Meanwhile, Catalina said the commercial market has taken the brunt of the pandemic lockdowns as the economy contracted. In 2020, commercial floor coverings purchases could have declined by 6.2 percent to $8.8 billion, in manufacturer dollars. The pandemic lockdowns caused Main Street businesses to close, offices to empty and hospitality and entertainment venues to sharply cut back operations. This caused businesses to cancel plans for new structures and remodeling projects. The decline caused commercial market sales to drop to 34.2 percent of total U.S. floor coverings sales from 34.6 percent in 2019, Catalina added.
Historic low interest rates and the availability of a COVID-19 vaccine is pointing to a rebound in U.S. floor coverings manufacturer sales during 2021, Catalina said, adding consumer sentiment has also improved since the Presidential election. U.S. floor coverings manufacturers dollar sales are estimated to increase by 3.7 percent to $26.9 billion and square foot sales by 2.5 percent to 23.6 billion. Gains are expected to be driven by LVT sales, which are estimated to increase 15 percent to 20 percent during 2021, Catalina said.
The recovery will be led by residential markets as housing starts and existing home sales continue to rise. Sales to transportation equipment manufacturers are also expected to increase sharply as domestic motor vehicle production fully recovers from the pandemic lockdown. According to Catalina, builder purchases will be driven by an estimate 5 percent increase in new home completions and a 5.3 percent gain in square foot built. Both trends should be stronger than 2020. Residential spending could receive a boost from an estimated 5.1 percent increase existing home sales during 2021, following a turnaround in the second half of 2020. The turnover of an existing home usually results in some type of flooring replacement project within six to 12 months of the home purchase. Residential replacement sales could also receive a boost from pent-up demand from non-movers as the economy reopens.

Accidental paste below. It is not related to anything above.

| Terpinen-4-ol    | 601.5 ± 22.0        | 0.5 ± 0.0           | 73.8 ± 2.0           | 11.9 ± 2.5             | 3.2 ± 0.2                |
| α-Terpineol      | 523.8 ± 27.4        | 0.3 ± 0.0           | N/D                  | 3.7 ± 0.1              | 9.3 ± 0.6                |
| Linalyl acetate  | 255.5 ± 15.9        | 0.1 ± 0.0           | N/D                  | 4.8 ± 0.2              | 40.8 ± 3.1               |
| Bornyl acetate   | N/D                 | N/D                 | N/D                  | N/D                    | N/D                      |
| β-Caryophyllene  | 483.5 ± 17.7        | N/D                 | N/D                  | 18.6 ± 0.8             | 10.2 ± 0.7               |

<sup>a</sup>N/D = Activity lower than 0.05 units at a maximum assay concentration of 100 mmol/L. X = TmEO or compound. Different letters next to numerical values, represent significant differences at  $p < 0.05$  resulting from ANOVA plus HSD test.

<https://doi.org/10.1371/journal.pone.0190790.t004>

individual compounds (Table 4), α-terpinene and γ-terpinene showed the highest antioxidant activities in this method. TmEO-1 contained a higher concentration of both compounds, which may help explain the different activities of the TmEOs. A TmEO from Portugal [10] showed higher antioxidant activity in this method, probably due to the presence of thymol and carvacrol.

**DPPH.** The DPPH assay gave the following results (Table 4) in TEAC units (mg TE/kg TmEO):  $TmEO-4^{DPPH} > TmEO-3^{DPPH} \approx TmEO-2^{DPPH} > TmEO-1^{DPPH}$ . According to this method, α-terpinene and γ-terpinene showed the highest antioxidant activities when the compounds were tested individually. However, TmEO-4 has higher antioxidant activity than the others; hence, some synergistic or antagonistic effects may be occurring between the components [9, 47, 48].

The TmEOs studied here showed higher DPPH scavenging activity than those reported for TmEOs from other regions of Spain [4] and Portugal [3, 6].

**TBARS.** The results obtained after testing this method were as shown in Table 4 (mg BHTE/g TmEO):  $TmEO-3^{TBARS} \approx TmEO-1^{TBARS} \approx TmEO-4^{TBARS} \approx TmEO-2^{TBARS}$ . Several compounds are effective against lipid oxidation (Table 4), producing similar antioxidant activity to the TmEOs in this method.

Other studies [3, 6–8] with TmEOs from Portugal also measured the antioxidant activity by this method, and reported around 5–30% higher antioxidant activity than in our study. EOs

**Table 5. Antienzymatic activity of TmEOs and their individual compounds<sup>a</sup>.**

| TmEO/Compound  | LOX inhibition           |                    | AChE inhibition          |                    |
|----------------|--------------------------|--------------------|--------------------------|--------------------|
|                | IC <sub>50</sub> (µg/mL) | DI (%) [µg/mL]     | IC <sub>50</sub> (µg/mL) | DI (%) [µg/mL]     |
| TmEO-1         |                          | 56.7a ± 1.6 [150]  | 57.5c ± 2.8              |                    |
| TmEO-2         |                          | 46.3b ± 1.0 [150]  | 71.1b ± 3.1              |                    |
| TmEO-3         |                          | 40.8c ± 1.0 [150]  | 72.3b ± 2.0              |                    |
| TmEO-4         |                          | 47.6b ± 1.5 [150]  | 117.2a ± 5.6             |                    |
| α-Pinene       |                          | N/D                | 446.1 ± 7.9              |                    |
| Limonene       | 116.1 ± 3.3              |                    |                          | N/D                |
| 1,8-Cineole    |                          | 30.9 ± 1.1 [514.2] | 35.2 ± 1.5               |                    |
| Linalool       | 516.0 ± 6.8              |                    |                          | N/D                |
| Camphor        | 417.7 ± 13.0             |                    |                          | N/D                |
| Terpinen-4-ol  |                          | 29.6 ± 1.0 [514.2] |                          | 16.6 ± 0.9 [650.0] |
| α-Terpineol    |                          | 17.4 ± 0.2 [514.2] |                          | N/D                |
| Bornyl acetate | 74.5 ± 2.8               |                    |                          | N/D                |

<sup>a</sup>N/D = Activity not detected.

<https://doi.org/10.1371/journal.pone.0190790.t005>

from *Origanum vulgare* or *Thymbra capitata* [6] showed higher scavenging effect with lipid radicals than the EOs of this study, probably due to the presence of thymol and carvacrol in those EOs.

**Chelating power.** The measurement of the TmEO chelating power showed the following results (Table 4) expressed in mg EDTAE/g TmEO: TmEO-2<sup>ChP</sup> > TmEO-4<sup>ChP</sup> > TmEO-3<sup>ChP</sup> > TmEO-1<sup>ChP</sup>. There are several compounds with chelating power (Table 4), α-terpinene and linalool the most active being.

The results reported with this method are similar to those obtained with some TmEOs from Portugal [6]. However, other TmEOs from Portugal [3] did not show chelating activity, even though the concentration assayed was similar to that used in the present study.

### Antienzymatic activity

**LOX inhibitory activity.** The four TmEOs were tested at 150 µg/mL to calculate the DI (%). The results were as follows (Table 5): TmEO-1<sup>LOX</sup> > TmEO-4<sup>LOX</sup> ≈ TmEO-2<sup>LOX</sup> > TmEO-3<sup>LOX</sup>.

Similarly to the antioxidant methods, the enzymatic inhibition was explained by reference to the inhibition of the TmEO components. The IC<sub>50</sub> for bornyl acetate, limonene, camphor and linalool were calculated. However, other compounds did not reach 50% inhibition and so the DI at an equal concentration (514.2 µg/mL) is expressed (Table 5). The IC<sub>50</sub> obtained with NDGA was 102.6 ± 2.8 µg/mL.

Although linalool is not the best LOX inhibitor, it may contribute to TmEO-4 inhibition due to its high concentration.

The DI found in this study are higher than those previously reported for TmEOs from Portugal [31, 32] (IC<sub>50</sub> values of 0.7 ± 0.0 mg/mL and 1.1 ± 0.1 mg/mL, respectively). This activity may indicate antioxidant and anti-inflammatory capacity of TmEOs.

These trends could result in a 5.6 percent increase in builder floor coverings dollar purchases during 2021, and a 4.3 percent gain in residential replacement purchases. Both trends could outpace overall U.S. floor coverings sales. Commercial markets, however, could continue to lose ground due to depressed spending on nonresidential building construction.
According to Catalina, U.S. floor coverings sales are projected to increase close to 4 percent annually from 2021 to 2026, and square foot sales are forecast to increase some 2.5 percent annually. Sales could climb to $32.5 billion and 26.8 billion square feet. Demand is forecast to continue to benefit from a strong housing market since the Federal Reserve could keep interest rates near historic lows over the next few years. There is also pentup housing demand as the millennial cohort moves through their prime home buying years. In addition, builders will be trying to make up for the lack of housing starts over the past decade due to the relatively sluggish recovery from the 2008-2009 financial crisis. Single-family home completions remain some 25 percent below 2007 levels.
For more on this report and others from Catalina Research, visit http://www.catalinareports.com/.